The Hotchkiss 37mm Revolving Cannon

The Hotchkiss 37mm Revolving Cannon

Old British Guns
Sunday, 17 January 2010​

The Hotchkiss revolving cannon was a 37mm hand operated machine gun that was considered light enough to travel with cavalry, although not for the British Army. A light (well sort of, around 1000 pounds) , mobile and fast firing artillery piece, it could fire up to 40 explosive or steel shot rounds per minute. With a range of 2000 yards (practical range, max was 4000 yards but wind and other things could upset accuracy), it could easily outrange rifle fire. The British Navy also adopted it around 1875 for use against the ever present torpedo boat threat, but the caliber was considered too small to be effective. It was felt to be comparable to the Nordenfelt and as in that gun larger calibers were later adopted.


It was developed by an American, Benjamin Berkeley Hotchkiss, living in France. He was approached by French officers looking for a fast firing gun, and it was soon adopted by all the major Powers, including the U.S., which went for it in a big way.


The mechanism differed from the Gatling Gun in that there were multiple barrels but only one striker, bolt and extractor. A center cam wheel is turned by the hand crank, which both rotates the barrels and holds them in place during different phases. Each rotation of the crank loads one shell, fires one shell and extracts one shell. The cam gear is cleverly shaped to turn another gear in the left side of the breech block which is pinned to 2 toothed shafts. The upper toothed shaft strips off a shell from the magazine and loads it in the chamber, while the bottom toothed shaft extracts a shell and dumps it out the bottom. The firing pin strikes the shell when the barrel is at the bottom of it's rotation.


The ammunition for the gun is a self contained cartridge, made up of brass wrapped into a cylinder with a solid center primed head, as in early British rifle bullets. An explosive shell and a canister shell were available, Canister consisted of steel shot, not unlike a giant shotgun shell, and was murderous against groups of the enemy. The shells weighed around a pound, were 5 inches long, and the tin or zinc magazine held 10. To unload the gun after firing consisted of removing the firing pin, rotating the barrels backwards with the handcrank and prying out the shells with a screwdriver, or pushing them out with a ramrod. Standing downstream from the gun had to give the gunner a moment of pause, as with unloading the Gatlings.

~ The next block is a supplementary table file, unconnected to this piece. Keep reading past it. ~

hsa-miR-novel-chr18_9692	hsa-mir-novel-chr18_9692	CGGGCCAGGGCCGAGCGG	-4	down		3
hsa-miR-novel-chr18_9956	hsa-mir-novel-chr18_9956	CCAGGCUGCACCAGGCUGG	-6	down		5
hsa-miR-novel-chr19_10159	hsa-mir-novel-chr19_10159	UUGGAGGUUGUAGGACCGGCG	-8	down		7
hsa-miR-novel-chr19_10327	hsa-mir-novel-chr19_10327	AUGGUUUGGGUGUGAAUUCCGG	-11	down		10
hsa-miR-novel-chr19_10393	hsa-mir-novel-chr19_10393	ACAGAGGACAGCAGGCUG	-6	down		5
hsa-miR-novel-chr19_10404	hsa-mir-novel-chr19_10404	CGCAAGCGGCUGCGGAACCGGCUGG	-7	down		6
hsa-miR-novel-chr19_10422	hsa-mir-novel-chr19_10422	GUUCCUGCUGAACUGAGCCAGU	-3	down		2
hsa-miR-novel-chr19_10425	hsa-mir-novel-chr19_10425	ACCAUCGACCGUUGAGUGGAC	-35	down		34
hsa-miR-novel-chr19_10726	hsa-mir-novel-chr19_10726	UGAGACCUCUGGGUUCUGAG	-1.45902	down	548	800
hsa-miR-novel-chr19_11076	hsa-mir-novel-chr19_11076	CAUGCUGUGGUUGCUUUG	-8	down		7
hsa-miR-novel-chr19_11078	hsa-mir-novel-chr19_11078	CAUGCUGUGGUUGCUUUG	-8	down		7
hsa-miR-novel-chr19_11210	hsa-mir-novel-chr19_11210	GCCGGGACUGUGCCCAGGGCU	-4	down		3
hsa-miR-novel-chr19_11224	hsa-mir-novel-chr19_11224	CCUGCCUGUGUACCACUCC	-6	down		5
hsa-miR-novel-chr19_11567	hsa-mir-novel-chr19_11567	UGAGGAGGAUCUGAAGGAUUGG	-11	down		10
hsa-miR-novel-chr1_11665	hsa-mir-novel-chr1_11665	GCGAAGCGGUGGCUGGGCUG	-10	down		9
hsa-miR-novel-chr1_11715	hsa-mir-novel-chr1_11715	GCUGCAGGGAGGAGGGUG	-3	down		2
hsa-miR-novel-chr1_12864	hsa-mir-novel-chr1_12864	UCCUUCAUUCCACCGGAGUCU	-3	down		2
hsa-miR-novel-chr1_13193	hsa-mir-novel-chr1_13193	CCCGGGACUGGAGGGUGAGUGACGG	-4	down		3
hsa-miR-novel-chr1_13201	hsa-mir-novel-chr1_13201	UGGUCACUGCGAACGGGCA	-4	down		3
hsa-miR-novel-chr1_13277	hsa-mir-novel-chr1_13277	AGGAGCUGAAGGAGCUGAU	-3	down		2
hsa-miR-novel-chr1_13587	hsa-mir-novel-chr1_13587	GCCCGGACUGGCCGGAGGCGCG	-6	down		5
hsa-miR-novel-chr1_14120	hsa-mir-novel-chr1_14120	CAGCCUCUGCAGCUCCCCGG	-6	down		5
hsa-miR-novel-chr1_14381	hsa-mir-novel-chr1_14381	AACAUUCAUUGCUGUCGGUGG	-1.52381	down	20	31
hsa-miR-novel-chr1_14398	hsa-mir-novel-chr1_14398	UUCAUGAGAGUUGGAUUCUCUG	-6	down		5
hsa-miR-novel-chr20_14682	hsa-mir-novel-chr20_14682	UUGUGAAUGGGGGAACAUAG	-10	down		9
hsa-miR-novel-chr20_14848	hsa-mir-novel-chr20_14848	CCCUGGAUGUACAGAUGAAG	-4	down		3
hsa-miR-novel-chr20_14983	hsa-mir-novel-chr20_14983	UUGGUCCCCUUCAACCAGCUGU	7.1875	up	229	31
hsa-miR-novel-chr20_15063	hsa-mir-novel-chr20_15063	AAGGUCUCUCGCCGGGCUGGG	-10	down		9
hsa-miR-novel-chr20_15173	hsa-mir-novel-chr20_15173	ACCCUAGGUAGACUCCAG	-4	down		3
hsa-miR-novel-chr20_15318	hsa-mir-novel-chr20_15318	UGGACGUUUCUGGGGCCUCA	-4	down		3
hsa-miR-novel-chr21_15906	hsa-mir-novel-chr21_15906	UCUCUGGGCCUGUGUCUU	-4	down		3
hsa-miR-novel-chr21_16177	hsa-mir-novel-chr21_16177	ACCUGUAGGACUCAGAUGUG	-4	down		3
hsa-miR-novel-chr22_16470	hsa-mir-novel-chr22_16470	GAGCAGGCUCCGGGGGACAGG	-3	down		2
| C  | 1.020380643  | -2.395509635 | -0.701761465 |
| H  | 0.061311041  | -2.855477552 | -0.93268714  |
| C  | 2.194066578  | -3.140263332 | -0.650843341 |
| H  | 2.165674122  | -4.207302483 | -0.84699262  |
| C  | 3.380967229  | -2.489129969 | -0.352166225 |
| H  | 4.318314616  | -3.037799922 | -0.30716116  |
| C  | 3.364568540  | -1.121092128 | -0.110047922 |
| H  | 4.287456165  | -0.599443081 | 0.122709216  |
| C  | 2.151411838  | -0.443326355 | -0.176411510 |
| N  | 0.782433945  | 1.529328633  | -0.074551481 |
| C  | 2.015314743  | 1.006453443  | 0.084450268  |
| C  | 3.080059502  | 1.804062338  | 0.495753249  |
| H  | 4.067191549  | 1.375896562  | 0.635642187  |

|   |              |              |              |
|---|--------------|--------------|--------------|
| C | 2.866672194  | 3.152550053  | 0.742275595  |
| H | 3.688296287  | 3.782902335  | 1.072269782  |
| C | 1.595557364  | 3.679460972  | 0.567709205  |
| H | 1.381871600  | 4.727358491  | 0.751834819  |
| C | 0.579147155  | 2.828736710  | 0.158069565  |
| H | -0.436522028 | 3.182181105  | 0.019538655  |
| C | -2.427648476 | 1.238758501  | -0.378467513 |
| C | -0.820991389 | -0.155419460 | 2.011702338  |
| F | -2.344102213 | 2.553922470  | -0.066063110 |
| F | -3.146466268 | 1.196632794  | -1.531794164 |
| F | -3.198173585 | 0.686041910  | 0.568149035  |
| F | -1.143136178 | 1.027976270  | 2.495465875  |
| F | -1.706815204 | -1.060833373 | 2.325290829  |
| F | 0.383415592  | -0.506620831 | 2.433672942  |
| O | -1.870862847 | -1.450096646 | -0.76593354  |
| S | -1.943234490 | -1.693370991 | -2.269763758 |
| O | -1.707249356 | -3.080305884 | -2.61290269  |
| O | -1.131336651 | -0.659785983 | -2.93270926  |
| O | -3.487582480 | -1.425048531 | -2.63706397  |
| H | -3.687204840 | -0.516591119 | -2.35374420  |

Some Hotchkiss guns were mounted on British ships, although they really preferred the Nordenfelt gun. Some guns were used in the Boer War, and at least one was present at the seige of Mafeking.

By WWI, the Hotchkiss was considered to lack the range and rate of fire, as well as being far too heavy to be a good infantry support weapon or naval gun. So the Germans instead used it as an anti-aircraft gun, which Allied pilots referred to as 'the Flaming Onion'. Here is a Wikipedia article that wrongly states that the gun was designed to 'fire flares':

Flaming onion - Wikipedia, the free encyclopedia

As the article states, the gun was pretty effective. I can see how a revolving cannon firing big HE shells would be against low- and slow-flying biplane fighters and bombers.

The Hotchkiss Gun was also purchased and issued by the U.S. Army. It was used in the later period of the Indian Wars in America, and was present at the Wounded Knee massacre. It was part of the equipment of the American expeditionary force deployed to Cuba in the Spanish-American War, and it was used in the assault on San Juan Hill.

Hotchkiss gun - Wikipedia, the free encyclopedia

I can only imagine how people would feel in the days when muzzle-loading cannons were the norm when suddenly the area around them was hit by a rain of one-pound HE shells. And if they charged the gun's position, they would be treated to a full strip of ten grapeshot rounds in just a few seconds. The Hotchkiss Gun was the first rapid-fire cannon ever fielded, and must have delivered amazing 'shock and awe' to its unsuspecting targets.


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